are the primary determinants of forest structure and development.  Forest
composition and age structure of much of the spruce-fir in eastern Canada is
related more to past spruce budworm (Choristoneura fumiferana) outbreaks
(beginning about 1910, 1940, 1970) than to harvesting or wildfires.  These
outbreaks are often a natural component of forest succession, and do not just
occur because we are doing something "wrong".  However, they are clearly a
"catastrophic event" (e.g., an estimated 220 million cubic meters of timber
was killed by spruce budworm in Canada from 1977-81) and must be taken into
account in forest management planning if plans are to be accurate.  Managers
need tools to predict outbreak occurrence and effects on forest development,
in order to ensure that expected timber supply/stand types will be present at
the expected time of harvest/other usage, and in order to utilize silviculture
and management planning to reduce the severity of future outbreaks.

   I will describe a budworm and forest management decision-support system
(DSS) under development in a 5 year multi-agency project supported by Canada's
Green Plan.  A pest management DSS is defined as an integration of current
knowledge, available data, and software applications to provide graphical,
tabular, and textual support for decisions made by forest managers.  As such,
it requires a multi-faceted approach involving database acquisition/creation
and organization, knowledge engineering, model development, interface
development, as well as systems analysis and design.  Our objective is to
develop a DSS which integrates the use of harvest scheduling and silviculture
to minimize losses and the need for protection (insecticide use) during
budworm epidemics, and sets priorities for application of limited forest
protection, as desired, to increase forest yields and maintain environmental

   The DSS will allow forest managers to relate pest and forest management
decisions to consequences on budworm population levels and forest inventory.
The DSS integrates pest monitoring and a population prediction model; spatial
risk and vulnerability (severity of damage) assessment models; models
predicting long-term stand- and forest-level development and timber supply
under alternative pest/forest management scenarios; remote sensing (Landsat
and MEIS) methods to assess current and cumulative damage (stand growing
condition) for all stands; a protection planning system based on marginal
timber supply benefits; a dynamic inventory projection system to update
inventory data and allow "what-if" exploration of possible futures; and forest
management planning (silviculture, harvest scheduling, protection planning)
options to reduce the damage caused by future spruce budworm outbreaks.

   The system is being implemented on a Unix workstation and ARC/Info GIS

   A figure associated with this presentation is in the MACLEAN.PCX file.



                            Bert Mead & Ted Setzer
                            Forestry Sciences Lab
                         201 East 9th Ave., Suite 303
                             Anchorage, AK  99501


   Permanent vegetation measurement plots are located on a systematic grid
throughout Alaska as part of a statewide inventory.  Data collected include
plant species lists and species foliar cover profiles as well as tree volumes
and size distributions.  These data have been used to estimate species biomass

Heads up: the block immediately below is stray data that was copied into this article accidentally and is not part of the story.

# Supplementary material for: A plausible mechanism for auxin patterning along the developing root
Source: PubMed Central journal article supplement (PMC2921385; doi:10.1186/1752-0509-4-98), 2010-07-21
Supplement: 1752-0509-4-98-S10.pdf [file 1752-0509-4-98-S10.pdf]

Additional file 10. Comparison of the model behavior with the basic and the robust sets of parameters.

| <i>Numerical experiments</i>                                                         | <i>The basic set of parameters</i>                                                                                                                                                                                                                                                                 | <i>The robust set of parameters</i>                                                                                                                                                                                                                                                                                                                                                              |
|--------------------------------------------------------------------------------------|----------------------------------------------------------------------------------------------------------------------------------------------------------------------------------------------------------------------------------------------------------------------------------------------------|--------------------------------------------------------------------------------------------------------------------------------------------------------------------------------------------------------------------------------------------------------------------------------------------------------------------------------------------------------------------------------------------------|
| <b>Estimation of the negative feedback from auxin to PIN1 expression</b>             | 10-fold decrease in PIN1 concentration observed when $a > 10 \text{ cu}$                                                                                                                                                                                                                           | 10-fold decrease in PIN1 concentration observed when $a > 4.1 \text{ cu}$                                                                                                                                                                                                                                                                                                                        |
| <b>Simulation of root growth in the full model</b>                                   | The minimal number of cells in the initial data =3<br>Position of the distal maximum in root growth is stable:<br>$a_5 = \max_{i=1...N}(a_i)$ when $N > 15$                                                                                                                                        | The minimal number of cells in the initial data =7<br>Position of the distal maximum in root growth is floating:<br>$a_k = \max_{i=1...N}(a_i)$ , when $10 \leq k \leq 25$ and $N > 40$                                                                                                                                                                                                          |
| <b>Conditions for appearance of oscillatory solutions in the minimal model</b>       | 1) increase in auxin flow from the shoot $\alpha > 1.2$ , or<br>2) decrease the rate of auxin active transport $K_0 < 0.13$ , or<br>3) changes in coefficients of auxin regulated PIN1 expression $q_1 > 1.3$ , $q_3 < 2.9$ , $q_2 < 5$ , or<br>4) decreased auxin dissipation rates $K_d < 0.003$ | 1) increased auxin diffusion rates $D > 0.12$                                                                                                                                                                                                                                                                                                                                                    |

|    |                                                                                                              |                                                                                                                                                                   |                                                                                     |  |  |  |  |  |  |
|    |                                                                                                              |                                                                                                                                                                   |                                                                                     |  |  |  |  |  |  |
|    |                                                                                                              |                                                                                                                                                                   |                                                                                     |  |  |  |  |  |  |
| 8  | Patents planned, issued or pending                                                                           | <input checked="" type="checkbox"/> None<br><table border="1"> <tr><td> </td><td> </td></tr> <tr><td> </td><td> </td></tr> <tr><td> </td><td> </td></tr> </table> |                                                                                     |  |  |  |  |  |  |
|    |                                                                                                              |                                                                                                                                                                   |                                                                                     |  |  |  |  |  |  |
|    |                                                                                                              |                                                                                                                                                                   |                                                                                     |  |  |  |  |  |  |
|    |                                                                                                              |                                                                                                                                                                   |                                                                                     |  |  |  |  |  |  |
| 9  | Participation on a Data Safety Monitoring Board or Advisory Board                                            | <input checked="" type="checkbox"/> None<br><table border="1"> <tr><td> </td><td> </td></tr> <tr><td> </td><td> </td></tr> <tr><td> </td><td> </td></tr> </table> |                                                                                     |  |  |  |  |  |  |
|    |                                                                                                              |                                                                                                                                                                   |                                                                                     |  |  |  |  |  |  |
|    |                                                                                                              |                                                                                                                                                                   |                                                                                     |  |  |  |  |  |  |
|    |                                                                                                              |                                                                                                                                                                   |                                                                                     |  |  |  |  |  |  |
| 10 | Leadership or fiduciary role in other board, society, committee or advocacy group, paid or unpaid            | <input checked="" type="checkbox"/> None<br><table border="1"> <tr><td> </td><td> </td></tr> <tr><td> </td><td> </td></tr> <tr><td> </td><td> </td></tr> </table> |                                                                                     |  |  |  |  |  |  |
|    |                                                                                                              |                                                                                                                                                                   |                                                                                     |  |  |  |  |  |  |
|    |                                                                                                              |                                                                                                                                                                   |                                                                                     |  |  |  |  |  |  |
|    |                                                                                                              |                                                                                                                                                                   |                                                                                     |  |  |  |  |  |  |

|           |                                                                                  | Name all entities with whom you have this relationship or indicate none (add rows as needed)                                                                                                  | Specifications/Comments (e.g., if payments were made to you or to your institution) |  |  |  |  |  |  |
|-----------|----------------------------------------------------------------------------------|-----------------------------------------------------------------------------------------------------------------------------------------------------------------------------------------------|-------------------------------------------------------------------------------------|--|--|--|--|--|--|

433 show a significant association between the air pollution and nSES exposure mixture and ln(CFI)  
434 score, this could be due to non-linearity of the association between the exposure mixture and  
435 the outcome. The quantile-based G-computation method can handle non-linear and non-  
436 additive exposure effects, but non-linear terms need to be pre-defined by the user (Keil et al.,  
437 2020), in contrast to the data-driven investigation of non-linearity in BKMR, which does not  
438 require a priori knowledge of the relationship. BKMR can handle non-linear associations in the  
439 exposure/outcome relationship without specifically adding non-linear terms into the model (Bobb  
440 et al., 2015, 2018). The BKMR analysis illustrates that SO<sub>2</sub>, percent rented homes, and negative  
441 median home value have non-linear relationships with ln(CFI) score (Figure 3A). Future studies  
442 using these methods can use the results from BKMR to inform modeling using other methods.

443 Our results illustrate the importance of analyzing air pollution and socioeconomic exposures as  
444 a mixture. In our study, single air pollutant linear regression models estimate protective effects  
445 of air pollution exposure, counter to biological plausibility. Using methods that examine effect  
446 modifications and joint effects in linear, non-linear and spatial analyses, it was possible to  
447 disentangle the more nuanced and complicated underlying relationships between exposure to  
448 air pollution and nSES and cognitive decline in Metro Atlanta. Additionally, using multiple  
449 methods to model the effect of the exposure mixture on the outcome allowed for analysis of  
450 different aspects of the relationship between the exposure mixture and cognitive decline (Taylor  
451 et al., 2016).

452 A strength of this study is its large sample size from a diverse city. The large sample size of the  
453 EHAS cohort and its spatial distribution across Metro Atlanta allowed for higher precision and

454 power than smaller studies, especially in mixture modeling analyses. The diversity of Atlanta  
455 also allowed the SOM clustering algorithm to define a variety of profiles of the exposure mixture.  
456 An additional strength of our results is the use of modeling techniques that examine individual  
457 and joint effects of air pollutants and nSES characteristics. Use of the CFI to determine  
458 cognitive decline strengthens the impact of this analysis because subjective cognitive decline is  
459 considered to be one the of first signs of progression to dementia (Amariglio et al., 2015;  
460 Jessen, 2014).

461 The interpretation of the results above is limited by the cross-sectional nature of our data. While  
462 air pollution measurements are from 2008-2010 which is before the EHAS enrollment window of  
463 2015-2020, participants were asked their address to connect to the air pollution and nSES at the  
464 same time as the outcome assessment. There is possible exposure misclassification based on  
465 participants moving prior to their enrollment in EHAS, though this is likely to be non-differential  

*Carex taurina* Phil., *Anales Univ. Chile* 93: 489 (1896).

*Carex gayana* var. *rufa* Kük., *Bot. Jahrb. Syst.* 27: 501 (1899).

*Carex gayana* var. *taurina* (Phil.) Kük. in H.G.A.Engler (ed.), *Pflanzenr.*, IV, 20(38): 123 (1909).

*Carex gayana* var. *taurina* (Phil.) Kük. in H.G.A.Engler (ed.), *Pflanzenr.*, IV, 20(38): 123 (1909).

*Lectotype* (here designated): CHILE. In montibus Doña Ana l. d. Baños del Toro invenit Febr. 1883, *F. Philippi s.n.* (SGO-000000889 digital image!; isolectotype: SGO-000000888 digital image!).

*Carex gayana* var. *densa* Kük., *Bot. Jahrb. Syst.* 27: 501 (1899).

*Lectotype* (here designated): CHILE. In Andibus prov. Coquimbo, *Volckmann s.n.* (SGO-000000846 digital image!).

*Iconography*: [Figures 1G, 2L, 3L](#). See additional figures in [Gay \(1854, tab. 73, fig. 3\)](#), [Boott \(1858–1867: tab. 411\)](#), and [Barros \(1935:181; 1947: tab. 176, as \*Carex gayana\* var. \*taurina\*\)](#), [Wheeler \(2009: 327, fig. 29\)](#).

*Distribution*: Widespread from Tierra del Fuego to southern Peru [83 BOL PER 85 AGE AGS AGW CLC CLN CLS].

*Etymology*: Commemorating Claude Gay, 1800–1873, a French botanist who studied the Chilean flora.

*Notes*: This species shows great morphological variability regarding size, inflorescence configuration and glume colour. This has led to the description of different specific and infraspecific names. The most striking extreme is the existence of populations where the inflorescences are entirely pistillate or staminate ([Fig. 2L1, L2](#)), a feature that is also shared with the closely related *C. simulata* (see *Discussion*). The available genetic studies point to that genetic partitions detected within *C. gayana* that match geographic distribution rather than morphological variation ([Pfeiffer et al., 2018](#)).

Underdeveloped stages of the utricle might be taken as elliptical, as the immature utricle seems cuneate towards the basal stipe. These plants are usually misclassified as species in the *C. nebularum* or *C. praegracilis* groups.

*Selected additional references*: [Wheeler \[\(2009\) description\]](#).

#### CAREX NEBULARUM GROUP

and composition and to make preliminary plant community classifications.  The
permanently located plots make it possible to monitor species composition and
cover changes resulting from catastrophic events such as widescale volcanic
ash deposition, flood, fire and insect epidemics.

   The ability to estimate both immediate and gradual biomass fluctuations
permits monitoring of changes in productivity or other management concerns
resulting from such events.  In addition, community descriptions resulting
from a broad-scale, statewide inventory will assist in estimating impacts on
species diversity and wildlife habitat due to catastrophic events.  These
abilities will depend on the type of catastrophic event, the time period
involved, and the ability to control for the effects of other environmental

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USE OF POINT-IN-TIME, EXTENSIVE FOREST INVENTORY DATA FOR ESTIMATING SPRUCE BEETLE INFESTATION TRENDS AND DYNAMICS Willem W. S. van Hees, Research Forester USDA, Forest Service Anchorage, AK ABSTRACT Results of two studies conducted to investigate use and utility of point-in-time forest inventory for assessment of spruce beetle infestation trends and characterization of infestation dynamics are summarized. The first study was conducted to develop an analytical method of plot classification for identification of stage of infestation. With plots thus classified, areas of forestland and volumes of timber affected by the infestation were estimated. The likely near-term (5 years) trend of the infestation was projected. Subsequent changes in the infestation supported the projection. The second study was conducted to show the utility of extensive forest inventory data in characterization of infestation dynamics. Results of this investigation agreed well with other, smaller-scale studies conducted in the same area. Extensive inventories are less expensive than intensive inventories and an extensive sample can be used to characterize infestation dynamics. Thus, it may be possible, through use of extensive forest inventories, to identify changes in dynamics useful in forest health monitoring over large areas. Text for this presentation